In some sense, personal punt protectors are like long snappers, or even catalytic converters.
You don’t normally hear about them unless something goes wrong. Which, in the New England Patriots’ case against the Miami Dolphins last week, something did.
Right at the same time it went right.
Nate Ebner fielded the direct snap from Joe Cardona on New England’s opening drive of that game. And from there, the 2016 second-team All-Pro rushed up the right sideline before being flung off the turf and out of bounds along with the football.
The fourth-and-8 fake netted 14 yards and a conversion for the Patriots, and it was Ebner’s check on the Dolphins’ alignment that made it so. But that check, initiated by a subtle point to his Riddell Revo Speed helmet, came at the cost of New England’s core special-teamer for the rest of the season.
And in came Jordan Richards.
It was Richards, a fellow reserve safety, who replaced the injured Ebner as punter Ryan Allen’s last line of defense versus Miami. It was a responsibility the 2015 second-round pick out of Stanford retained on Sunday against the Buffalo Bills as well.
It was recent territory for him, as Bill Belichick noted Monday on WEEI’s Dale & Holley with Rich Keefe.
“If you remember, Nate missed the first couple games of the year and Jordan did that as well in those games, too,” said the Patriots head coach. “And in a couple at the end of the preseason – Detroit and, I want to say, the Giants game.”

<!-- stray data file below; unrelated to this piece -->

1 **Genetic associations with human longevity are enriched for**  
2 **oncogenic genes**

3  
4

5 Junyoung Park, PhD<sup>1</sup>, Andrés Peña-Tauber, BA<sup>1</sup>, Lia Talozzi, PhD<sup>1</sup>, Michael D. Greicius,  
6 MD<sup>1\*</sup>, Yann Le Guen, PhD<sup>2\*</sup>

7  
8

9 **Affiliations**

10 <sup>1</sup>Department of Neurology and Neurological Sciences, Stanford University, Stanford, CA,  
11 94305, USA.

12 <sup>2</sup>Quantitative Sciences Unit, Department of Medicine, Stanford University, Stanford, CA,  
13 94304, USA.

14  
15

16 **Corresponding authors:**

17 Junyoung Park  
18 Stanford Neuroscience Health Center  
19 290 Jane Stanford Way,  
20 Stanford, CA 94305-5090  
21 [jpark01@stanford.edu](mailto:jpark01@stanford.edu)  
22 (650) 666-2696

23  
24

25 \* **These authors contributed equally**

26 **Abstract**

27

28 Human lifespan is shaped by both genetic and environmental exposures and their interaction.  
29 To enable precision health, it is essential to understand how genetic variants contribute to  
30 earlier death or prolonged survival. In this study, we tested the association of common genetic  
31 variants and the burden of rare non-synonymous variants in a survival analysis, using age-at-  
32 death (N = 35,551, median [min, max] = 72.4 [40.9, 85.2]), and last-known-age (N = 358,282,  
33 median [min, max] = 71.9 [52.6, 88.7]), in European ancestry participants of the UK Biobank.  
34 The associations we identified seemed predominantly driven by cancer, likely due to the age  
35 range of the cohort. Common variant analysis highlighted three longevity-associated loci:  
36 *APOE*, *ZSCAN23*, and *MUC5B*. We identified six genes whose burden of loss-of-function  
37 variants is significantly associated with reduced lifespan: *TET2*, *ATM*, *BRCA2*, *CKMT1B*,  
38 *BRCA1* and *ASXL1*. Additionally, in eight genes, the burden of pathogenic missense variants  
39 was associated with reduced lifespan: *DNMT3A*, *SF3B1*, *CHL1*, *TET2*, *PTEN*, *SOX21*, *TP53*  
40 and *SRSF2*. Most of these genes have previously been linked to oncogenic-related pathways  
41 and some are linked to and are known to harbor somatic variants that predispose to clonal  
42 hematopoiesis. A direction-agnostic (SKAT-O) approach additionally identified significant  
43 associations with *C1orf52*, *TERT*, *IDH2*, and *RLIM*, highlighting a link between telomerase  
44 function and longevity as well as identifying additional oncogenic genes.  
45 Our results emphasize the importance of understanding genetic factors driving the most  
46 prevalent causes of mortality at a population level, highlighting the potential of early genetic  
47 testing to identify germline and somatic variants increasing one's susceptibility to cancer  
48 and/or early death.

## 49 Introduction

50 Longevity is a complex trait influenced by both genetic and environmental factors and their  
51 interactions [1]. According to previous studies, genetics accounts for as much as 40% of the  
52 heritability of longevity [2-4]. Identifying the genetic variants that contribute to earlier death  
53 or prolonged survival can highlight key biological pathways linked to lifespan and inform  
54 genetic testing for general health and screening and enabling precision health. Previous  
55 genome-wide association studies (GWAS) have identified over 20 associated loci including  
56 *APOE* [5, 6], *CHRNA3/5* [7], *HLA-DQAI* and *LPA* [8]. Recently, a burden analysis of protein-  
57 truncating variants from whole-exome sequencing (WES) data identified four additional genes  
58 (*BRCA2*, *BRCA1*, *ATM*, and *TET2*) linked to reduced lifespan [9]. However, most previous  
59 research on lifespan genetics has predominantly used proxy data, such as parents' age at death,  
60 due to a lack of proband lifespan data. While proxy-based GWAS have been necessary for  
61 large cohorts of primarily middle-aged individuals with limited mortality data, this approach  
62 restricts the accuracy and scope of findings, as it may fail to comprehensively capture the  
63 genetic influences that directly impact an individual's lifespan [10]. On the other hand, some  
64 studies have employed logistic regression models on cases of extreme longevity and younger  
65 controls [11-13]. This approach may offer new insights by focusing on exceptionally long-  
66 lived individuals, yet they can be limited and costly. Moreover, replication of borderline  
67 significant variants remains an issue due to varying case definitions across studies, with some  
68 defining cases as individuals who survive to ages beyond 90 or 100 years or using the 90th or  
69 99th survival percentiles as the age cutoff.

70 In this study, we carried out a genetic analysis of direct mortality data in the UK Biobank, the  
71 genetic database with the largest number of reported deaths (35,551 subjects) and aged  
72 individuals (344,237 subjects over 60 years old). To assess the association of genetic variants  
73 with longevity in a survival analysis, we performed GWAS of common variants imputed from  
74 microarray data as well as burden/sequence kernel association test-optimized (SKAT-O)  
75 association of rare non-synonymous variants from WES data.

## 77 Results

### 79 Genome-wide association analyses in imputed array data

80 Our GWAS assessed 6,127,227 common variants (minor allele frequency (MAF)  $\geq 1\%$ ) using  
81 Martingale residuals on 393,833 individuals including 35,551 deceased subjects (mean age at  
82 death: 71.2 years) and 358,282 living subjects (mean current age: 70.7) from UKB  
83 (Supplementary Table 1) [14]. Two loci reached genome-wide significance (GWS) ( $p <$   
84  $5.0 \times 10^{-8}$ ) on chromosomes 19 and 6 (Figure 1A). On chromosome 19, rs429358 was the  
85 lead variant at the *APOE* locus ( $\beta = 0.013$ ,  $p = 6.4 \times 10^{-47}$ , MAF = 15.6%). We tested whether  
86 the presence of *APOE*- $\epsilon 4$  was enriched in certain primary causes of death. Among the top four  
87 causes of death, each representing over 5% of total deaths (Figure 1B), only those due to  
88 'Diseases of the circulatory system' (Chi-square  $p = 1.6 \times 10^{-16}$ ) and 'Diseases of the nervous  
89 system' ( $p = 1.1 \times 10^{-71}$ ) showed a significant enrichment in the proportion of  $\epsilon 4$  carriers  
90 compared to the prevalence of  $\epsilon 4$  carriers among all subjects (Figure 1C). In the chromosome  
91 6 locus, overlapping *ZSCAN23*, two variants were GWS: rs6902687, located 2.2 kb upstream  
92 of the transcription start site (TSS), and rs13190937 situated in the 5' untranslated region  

Like those previous fill-ins, Richards’ name wasn’t called much by the time New England had a 35-17 win in at Gillette Stadium over Miami. Nor was it called much in the 23-3 win at New Era Field over Buffalo. That wasn’t a bad thing; it meant that Richards kept things from going bad.
“Jordan’s done a good job for us in multiple roles,” Belichick added of the third-year pro. “But that one is one that he’s filled in this year for four or five games, including preseason.”
There were no unaccounted-for rushers charged to No. 37 versus the Dolphins or Bills. There were no blocked punts, bobbled snaps, or field-shifting returns, either. Outcomes like that can make personal punt protector a relatively anonymous job. But it is a job that can be graded pass or fail. And that, in and of itself, can make it a high-leverage one.
Plenty of layers await fourth down.
“It’s a tough spot. Yeah, It’s a tough spot,” Belichick said. “There’s a lot of things that can happen, a lot of variables, a lot of different looks and a lot of situations that can come up in the punting game. In addition to the looks, just the time, score, field position, wind, etcetera. It’s not easy.”
The 24-year-old Richards is a viable second option for the not-easy. He’s worked throughout the kicking game, as well as at defensive back, and more extensively, hybrid linebacker in sub-package sets this season. And through 12 games, the safety-in-title has seen action in each while starting five contests and recording 185 snaps on defense and 213 on special teams.
Richards has notched a forced fumble, a pass deflection and 20 tackles along the way. And moving forward, he’s first in line for a duty that goes on without much of an existence – on a good day.
It takes a full diagnostic check to make for one. Ebner knows. So does Patrick Chung and those before him.
“Those guys I’ve coached that have played that position through the years have always spent a lot of time in understanding all the things that are involved and done a good job with it,” Belichick continued. “But that’s what it is.”